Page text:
My first process was crushing the fruit, putting a lid on it and letting it ferment for 3 weeks. I strained it once, added sugar and put an air lock on. Can it be strained again? What should I do?

2 Answers 2


Your wine should be fine. The alcohol and the acidity should be high enough to kill all the bugs.


You'll be fine.

I could tell you scores of stories of iffy sanitation practices, but have yet to skunk a batch. It does really take a major screw-up to do this (forget to sani the fermenter, leave it opened for many hours/days, etc)

Homebrew how-to manuals place a high emphasis on sanitation, but I am convinced this is because there are a lot of folks out there that need this level of dogmatic enforcement to accept the principle.

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    FWIW, skunking is due to exposure to light....nothing else.
    – Denny Conn
    Commented Sep 21, 2015 at 18:14
  • Um, no. Maybe you're thinking of commercial beer that's been allowed to sit in the sun too long. Skunked homebrew comes from incorrect sanitation practices.
    – arschie
    Commented Sep 22, 2015 at 19:32
  • 1
    No, skunking is only from exposure to light. It's caused by exposing hops to certain wavelengths of light, causing mercaptans (the same substance as skunk spray). It can happen to either commercial beers or homebrew. Leave a homebrew IPA in direct sunlight for a few minutes and you'll see. Poor sanitation can cause a number of things, but skunking isn't one of them. If you don't care to believe me, how about John Palmer in How to Brew?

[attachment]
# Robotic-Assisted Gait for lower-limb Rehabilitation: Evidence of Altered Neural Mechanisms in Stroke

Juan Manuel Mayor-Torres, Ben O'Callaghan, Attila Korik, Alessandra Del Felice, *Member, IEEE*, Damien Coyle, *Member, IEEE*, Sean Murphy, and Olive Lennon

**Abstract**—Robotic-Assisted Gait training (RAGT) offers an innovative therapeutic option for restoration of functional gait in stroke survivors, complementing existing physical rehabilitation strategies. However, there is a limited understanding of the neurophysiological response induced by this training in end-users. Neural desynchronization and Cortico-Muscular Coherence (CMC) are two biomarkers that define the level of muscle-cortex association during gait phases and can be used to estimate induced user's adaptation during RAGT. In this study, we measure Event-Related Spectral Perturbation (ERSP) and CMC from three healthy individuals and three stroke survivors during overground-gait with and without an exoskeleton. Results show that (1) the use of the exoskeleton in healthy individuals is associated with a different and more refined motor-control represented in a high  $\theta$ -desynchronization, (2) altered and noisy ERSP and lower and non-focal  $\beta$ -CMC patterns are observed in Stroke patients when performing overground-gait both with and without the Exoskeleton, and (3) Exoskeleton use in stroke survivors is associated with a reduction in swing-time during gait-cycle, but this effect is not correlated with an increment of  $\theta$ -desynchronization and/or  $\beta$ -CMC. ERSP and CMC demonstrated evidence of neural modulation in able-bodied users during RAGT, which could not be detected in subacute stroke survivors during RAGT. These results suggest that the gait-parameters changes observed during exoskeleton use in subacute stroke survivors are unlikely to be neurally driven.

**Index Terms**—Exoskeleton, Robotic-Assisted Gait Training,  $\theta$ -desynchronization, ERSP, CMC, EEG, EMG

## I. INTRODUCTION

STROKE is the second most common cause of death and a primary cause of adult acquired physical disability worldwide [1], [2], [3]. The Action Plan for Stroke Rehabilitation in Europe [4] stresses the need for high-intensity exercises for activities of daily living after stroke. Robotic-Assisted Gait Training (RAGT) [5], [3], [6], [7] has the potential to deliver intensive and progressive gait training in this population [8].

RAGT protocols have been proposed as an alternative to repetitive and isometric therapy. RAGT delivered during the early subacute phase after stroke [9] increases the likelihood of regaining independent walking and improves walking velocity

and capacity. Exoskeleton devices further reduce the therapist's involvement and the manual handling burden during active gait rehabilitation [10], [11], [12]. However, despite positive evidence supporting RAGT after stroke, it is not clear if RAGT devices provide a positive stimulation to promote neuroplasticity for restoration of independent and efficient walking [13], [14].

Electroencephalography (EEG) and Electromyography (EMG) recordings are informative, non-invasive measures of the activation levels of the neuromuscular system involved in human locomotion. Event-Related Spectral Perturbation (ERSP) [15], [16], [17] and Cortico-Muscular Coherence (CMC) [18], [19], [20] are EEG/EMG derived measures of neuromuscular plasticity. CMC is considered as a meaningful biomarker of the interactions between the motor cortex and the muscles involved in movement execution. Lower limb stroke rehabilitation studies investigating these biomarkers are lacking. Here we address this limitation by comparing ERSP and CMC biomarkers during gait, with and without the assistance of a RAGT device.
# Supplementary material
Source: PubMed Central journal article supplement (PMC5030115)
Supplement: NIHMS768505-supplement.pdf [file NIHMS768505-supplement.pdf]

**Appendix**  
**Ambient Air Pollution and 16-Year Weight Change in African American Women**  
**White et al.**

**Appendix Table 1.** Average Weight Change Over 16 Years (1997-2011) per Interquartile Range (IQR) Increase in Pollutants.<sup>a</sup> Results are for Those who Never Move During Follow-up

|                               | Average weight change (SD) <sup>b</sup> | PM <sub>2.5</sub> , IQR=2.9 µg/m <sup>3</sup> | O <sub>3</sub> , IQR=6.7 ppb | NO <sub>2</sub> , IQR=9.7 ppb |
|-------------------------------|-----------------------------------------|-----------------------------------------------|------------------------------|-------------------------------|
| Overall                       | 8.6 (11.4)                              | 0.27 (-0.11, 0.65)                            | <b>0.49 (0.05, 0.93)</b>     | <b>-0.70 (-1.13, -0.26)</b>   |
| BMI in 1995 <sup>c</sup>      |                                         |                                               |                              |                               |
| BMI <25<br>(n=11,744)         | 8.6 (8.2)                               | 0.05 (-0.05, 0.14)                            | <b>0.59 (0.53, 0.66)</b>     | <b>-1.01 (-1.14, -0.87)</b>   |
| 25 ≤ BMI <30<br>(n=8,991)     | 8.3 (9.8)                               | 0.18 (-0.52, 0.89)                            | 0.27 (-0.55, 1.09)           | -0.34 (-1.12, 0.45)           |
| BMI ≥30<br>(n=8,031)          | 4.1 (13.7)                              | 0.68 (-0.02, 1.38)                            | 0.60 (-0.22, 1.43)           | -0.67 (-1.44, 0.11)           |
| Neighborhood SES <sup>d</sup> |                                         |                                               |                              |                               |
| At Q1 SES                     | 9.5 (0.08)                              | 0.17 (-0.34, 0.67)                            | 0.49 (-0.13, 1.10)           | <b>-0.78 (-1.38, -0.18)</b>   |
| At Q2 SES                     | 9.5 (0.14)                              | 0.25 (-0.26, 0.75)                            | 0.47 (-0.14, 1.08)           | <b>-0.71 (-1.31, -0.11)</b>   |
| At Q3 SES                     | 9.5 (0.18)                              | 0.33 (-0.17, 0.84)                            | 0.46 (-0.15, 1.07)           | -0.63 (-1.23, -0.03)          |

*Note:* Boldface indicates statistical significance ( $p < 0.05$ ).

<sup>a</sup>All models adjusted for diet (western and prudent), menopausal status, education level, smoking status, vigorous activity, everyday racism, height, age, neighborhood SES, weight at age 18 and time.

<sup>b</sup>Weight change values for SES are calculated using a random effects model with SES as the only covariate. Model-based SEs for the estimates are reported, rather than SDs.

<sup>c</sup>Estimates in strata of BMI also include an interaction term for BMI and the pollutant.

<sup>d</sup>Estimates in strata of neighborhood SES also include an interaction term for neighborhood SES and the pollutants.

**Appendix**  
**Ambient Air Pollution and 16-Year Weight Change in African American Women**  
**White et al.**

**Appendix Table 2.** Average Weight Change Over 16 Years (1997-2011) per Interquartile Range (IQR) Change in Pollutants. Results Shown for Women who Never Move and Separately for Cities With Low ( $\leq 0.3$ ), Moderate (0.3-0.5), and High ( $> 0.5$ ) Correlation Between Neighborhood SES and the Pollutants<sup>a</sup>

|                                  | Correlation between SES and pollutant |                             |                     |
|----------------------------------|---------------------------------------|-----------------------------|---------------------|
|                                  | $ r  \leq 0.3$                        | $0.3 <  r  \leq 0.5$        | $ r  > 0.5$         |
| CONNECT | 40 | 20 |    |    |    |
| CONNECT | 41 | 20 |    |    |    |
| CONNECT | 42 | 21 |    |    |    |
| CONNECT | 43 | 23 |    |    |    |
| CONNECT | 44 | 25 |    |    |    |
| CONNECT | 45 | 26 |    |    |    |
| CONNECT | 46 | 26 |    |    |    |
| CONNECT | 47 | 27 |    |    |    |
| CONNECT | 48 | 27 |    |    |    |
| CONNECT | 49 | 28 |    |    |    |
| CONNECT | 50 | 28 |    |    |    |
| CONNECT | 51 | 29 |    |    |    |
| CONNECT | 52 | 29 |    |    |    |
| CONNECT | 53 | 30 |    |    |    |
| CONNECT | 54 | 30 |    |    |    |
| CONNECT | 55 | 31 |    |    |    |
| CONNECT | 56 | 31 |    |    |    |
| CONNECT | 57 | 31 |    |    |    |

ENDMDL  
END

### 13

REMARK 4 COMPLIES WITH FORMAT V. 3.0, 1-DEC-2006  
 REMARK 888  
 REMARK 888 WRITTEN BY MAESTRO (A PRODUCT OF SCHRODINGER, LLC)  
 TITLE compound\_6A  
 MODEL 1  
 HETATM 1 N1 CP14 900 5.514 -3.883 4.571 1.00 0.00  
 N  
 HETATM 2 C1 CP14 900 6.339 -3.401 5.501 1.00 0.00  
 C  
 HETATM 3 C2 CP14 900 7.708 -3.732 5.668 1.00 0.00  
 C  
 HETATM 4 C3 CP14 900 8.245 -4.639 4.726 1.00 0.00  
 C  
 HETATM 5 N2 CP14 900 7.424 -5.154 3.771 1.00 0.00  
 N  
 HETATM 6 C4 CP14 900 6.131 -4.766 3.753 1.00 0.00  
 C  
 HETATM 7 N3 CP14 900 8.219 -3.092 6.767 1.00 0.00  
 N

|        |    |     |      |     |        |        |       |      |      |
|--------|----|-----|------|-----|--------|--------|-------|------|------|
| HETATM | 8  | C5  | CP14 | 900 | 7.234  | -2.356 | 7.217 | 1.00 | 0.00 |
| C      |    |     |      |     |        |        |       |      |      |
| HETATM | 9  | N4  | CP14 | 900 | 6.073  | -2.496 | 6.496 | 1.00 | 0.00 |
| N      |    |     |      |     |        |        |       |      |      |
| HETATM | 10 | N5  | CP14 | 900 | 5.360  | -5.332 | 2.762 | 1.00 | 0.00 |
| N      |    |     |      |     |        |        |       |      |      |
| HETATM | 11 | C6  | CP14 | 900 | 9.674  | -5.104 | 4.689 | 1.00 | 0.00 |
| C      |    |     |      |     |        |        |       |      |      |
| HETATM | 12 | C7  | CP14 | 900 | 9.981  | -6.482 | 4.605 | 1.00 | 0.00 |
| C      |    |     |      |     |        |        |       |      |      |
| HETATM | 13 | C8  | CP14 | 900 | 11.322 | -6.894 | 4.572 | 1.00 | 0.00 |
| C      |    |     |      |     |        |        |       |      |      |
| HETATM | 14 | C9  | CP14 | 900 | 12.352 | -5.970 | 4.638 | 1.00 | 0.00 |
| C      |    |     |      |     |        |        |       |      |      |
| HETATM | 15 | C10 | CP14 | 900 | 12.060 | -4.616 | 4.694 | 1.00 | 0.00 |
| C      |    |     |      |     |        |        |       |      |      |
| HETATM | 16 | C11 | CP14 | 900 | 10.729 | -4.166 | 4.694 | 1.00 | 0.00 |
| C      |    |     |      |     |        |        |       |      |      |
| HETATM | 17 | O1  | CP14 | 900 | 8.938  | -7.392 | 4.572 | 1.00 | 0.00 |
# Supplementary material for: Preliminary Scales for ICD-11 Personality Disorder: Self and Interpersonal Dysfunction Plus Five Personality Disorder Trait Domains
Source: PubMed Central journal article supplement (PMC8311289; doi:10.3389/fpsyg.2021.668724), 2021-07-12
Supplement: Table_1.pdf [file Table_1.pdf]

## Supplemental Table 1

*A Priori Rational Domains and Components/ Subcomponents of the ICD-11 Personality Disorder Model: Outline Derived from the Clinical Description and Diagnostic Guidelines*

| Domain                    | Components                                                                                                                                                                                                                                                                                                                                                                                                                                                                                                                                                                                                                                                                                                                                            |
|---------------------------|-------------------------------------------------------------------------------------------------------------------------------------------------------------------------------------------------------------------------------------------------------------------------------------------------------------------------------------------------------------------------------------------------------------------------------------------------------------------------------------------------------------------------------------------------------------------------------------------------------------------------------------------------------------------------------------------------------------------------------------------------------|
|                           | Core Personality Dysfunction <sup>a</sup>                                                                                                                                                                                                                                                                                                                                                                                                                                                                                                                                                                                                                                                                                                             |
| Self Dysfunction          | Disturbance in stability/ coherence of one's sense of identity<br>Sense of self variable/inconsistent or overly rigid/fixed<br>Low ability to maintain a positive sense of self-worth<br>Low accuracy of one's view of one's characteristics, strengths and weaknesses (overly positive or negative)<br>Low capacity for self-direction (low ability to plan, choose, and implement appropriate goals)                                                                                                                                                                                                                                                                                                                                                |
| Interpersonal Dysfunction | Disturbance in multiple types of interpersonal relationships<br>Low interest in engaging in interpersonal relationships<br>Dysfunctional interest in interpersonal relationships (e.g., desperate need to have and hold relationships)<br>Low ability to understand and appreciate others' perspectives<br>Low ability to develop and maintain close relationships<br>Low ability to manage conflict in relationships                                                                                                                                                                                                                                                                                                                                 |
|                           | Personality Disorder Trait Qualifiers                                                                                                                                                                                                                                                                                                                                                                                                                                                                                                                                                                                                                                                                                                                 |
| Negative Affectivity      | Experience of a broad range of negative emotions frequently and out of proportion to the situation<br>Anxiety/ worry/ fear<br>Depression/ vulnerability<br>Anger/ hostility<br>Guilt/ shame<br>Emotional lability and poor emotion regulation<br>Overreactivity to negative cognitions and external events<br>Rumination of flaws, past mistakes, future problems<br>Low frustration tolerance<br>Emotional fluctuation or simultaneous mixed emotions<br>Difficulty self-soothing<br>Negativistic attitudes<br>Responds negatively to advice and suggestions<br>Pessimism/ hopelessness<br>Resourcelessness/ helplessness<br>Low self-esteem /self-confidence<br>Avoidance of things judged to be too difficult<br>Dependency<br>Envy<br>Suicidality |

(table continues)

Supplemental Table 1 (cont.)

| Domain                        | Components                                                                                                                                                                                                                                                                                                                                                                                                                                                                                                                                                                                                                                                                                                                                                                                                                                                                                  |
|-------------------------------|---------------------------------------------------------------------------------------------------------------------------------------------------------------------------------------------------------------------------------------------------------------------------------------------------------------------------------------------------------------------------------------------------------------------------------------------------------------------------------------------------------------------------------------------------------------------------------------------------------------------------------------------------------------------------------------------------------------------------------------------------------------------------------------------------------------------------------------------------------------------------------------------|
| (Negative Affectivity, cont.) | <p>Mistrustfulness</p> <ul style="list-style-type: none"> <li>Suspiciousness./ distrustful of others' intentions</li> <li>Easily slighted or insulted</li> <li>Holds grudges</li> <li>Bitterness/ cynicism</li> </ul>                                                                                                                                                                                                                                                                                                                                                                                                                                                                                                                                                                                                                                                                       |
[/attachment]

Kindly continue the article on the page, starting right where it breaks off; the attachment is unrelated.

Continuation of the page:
– Denny Conn
    Commented Sep 22, 2015 at 19:53
  • 1
    "Skunky or cat-musk aromas in beer are caused by photochemical reactions of the isomerized hop compounds. The wavelengths of light that cause the skunky smell are the blue wavelengths and the ultraviolet. Brown glass bottles effectively screen out these wavelengths, but green bottles do not. Skunkiness will result in beers if the beer is left in direct sunlight or stored under fluorescent lights as in supermarkets. In beers which use pre-isomerized hop extract and very little flavoring hop additions, the beer will be fairly immune to damage from ultraviolet light. "
    – Denny Conn
    Commented Sep 22, 2015 at 19:53
  • Dr Charlie Bamforth: "Isohumulones break down very quickly and react with trace sulfurs" when hit by natural light. The resulting chemical reaction produces 3-methyl-2-butene-1-thiol, a nasty compound similar to a skunk's spray and detectable by the human palate even when in shockingly minute concentrations. So, it's not the actual temperature or temperature changes, but the exposure to light, that leads to a beer "skunking." Commented Sep 23, 2015 at 9:05

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